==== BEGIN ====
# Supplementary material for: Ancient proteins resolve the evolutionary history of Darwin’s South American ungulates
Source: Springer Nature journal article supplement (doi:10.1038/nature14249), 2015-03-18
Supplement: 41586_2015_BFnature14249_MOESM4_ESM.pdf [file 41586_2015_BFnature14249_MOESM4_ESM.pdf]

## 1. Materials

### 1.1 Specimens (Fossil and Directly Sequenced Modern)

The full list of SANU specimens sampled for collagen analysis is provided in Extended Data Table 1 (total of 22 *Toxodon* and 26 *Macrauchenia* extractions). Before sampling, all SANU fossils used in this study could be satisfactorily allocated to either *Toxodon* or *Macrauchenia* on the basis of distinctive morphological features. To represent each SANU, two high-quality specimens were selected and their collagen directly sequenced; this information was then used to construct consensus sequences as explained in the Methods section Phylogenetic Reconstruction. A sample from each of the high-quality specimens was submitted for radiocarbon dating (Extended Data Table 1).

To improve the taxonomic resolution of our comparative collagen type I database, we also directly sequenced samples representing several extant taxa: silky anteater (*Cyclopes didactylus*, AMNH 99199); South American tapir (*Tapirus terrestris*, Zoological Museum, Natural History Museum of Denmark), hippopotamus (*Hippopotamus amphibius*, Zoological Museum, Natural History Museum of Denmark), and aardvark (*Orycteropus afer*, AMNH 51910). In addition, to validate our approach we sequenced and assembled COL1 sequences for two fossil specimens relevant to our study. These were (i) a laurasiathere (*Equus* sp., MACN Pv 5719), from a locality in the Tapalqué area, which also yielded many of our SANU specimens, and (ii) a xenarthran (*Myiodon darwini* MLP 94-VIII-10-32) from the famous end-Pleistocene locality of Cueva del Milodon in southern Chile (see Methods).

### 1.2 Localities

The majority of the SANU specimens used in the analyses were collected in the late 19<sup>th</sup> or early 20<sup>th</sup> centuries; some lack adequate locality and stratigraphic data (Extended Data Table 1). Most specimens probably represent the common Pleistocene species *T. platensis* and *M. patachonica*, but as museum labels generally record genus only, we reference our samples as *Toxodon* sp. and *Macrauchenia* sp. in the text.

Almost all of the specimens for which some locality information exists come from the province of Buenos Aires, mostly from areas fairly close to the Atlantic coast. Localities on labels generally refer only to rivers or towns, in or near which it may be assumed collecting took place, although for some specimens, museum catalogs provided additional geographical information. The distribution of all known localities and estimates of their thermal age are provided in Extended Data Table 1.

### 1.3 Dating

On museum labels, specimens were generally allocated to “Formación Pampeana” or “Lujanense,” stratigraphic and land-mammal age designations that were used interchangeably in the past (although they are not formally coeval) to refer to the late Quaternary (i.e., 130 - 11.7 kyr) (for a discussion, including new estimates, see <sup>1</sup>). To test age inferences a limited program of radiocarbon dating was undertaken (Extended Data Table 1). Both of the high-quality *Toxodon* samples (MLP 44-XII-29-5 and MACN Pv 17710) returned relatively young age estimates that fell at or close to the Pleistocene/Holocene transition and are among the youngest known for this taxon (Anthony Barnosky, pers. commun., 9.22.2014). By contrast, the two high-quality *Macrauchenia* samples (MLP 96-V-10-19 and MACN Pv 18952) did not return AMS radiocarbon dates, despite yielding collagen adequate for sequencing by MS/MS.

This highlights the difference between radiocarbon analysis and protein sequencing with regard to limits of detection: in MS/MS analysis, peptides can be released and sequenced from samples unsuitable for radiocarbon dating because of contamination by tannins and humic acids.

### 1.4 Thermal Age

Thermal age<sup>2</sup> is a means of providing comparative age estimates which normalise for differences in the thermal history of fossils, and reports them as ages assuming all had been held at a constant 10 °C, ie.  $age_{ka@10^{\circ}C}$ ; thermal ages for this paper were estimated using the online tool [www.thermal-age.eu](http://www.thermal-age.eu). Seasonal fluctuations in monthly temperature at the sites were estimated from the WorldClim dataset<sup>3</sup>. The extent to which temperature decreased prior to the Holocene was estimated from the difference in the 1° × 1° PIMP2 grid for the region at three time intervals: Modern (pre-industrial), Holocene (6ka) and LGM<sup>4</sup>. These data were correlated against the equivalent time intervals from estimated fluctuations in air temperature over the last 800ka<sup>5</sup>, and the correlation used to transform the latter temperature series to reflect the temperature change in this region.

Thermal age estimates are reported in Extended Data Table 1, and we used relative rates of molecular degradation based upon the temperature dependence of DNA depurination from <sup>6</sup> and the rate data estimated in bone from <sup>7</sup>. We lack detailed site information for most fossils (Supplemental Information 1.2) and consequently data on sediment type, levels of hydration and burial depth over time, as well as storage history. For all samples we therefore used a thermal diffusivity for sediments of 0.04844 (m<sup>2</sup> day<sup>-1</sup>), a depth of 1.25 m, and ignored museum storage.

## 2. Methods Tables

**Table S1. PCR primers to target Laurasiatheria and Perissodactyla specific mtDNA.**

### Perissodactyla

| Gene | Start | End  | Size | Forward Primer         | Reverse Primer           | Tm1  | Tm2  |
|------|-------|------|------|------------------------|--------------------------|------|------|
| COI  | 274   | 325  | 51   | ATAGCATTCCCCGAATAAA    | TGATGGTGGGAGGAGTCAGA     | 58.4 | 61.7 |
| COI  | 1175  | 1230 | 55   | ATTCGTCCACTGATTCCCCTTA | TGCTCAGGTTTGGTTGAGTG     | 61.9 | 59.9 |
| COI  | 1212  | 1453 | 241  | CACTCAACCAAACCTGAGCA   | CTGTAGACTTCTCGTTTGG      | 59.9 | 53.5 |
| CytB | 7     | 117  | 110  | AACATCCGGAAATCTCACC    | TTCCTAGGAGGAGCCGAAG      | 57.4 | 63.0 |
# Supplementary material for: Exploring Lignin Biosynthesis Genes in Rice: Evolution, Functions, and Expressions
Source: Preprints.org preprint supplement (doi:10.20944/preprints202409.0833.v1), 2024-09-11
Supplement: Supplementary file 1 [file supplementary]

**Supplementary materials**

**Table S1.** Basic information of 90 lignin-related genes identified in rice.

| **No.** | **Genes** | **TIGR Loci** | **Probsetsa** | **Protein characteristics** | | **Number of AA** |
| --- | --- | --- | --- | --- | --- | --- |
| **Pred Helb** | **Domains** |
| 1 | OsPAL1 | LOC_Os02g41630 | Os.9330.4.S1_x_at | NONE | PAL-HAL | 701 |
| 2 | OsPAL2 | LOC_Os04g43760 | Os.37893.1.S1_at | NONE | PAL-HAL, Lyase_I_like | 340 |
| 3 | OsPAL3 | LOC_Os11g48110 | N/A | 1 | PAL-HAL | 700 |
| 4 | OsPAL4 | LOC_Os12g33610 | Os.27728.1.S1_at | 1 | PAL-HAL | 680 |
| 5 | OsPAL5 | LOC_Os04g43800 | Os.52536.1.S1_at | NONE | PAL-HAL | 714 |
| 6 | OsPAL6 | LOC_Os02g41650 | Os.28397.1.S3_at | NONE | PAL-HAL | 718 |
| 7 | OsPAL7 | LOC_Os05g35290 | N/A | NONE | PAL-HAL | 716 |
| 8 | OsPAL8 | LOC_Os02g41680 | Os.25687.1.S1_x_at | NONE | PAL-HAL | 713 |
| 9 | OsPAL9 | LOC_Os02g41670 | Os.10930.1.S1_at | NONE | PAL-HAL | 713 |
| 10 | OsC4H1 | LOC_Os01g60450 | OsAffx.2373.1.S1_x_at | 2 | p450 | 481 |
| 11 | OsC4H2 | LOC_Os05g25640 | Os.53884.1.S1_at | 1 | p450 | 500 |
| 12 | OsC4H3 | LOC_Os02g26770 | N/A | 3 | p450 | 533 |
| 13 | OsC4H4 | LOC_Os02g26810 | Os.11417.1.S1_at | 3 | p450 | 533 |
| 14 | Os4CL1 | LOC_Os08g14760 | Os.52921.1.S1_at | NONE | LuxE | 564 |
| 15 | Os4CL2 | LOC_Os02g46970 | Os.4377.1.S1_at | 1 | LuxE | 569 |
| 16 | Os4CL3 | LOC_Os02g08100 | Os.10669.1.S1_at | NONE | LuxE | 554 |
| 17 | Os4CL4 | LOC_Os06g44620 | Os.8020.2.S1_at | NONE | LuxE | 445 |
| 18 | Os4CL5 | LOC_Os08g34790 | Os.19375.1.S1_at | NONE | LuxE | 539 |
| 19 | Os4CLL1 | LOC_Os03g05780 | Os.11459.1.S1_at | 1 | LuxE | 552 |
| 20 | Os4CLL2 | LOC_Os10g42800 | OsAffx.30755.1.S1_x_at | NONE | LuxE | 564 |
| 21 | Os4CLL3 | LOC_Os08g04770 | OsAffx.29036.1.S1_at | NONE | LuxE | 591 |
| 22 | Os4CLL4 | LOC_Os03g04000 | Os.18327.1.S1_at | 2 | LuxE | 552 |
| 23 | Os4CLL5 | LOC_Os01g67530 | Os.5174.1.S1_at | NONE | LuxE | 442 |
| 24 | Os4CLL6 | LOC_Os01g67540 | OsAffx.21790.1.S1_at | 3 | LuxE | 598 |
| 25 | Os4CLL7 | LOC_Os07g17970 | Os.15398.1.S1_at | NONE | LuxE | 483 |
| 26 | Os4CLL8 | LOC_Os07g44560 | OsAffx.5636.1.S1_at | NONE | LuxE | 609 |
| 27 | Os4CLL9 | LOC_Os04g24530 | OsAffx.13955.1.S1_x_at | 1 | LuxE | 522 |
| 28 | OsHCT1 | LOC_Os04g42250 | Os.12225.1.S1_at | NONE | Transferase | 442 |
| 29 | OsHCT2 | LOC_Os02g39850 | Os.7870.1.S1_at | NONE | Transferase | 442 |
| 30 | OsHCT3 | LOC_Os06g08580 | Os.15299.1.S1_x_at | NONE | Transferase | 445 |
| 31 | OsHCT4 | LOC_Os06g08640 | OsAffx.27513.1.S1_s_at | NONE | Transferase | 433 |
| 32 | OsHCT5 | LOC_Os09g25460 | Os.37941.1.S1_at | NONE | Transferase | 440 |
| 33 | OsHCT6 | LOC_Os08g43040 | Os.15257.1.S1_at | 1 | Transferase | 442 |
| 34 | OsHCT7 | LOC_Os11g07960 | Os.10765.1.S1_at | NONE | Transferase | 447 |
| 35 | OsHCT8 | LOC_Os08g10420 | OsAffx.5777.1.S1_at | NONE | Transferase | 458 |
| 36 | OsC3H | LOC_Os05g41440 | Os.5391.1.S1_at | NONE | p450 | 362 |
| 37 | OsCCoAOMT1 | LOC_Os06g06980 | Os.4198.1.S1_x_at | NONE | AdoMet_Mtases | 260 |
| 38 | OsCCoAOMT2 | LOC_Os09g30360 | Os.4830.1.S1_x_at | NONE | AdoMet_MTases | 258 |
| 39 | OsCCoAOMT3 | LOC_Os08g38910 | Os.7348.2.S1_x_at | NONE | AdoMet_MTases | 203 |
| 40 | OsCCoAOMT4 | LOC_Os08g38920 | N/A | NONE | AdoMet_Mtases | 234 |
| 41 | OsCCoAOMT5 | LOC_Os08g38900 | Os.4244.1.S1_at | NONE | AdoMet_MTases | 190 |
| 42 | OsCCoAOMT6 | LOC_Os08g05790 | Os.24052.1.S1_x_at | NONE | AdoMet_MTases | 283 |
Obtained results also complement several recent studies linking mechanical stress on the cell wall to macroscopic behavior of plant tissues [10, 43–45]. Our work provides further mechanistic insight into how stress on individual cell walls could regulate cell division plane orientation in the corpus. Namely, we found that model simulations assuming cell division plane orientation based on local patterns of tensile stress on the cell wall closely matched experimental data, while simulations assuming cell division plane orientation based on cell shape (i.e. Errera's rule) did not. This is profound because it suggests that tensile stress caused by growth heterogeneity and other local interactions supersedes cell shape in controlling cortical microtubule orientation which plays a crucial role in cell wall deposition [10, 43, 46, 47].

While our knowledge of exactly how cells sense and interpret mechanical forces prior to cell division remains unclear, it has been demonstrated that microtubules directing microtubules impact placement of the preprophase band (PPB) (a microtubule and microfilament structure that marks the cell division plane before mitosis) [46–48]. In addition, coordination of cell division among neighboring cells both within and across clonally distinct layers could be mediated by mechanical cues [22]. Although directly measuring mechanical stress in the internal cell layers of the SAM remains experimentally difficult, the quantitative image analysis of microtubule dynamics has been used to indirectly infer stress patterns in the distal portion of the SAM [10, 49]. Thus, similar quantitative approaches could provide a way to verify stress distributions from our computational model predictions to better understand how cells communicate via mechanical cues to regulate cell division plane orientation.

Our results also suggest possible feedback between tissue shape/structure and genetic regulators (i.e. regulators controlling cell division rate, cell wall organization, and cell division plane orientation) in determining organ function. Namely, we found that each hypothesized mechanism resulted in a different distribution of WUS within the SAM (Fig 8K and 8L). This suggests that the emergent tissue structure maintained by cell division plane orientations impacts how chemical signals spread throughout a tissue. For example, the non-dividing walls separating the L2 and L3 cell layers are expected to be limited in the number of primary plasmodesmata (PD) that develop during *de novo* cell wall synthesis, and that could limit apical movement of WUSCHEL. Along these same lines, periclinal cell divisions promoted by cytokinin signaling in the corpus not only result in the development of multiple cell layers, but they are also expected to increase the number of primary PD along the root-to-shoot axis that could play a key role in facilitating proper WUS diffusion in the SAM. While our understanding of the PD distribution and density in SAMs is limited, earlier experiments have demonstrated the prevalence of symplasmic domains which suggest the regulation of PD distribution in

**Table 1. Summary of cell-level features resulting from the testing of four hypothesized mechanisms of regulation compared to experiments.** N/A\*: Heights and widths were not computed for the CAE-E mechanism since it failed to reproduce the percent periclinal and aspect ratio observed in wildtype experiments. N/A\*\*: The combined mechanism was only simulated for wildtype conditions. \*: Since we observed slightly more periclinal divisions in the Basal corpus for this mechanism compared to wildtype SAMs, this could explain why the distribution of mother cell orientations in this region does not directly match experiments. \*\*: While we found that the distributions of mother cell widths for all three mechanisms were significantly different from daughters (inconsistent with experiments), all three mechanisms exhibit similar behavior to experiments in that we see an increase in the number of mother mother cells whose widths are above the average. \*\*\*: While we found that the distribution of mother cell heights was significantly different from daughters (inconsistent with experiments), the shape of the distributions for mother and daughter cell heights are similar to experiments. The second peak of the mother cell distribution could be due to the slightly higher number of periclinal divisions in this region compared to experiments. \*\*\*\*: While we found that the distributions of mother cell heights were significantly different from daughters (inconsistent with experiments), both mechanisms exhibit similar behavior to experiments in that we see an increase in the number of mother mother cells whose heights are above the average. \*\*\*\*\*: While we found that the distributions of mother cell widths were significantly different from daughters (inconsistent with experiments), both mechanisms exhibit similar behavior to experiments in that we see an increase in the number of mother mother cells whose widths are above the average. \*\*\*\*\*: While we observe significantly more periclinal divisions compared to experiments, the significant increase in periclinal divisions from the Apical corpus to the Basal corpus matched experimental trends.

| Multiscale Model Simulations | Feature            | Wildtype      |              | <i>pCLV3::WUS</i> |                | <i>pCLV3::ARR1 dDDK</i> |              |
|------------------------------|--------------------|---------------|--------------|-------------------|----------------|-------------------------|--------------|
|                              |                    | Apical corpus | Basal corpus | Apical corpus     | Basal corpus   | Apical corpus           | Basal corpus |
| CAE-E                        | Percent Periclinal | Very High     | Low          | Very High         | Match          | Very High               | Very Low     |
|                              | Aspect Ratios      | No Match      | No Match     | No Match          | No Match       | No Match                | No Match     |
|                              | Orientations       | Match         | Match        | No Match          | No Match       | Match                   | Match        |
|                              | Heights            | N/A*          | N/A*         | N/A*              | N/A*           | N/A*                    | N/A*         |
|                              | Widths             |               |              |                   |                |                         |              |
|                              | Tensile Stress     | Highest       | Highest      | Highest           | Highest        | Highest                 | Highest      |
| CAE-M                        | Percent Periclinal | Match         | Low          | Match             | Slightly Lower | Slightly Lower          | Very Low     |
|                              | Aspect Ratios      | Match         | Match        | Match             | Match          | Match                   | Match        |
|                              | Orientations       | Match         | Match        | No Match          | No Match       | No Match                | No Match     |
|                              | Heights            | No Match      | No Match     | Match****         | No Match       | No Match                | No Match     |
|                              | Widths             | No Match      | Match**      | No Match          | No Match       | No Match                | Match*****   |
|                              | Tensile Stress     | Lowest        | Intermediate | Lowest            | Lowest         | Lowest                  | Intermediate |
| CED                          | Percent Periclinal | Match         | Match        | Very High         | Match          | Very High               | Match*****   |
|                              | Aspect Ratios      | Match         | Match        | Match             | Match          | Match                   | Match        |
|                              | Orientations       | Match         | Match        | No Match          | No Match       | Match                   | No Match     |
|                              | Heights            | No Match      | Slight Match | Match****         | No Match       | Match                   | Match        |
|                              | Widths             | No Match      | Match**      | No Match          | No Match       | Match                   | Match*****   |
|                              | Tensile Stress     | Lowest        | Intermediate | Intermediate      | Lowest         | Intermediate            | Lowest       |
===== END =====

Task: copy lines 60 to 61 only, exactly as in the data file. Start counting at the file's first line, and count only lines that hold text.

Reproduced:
| 27 | Os4CLL9 | LOC_Os04g24530 | OsAffx.13955.1.S1_x_at | 1 | LuxE | 522 |
| 28 | OsHCT1 | LOC_Os04g42250 | Os.12225.1.S1_at | NONE | Transferase | 442 |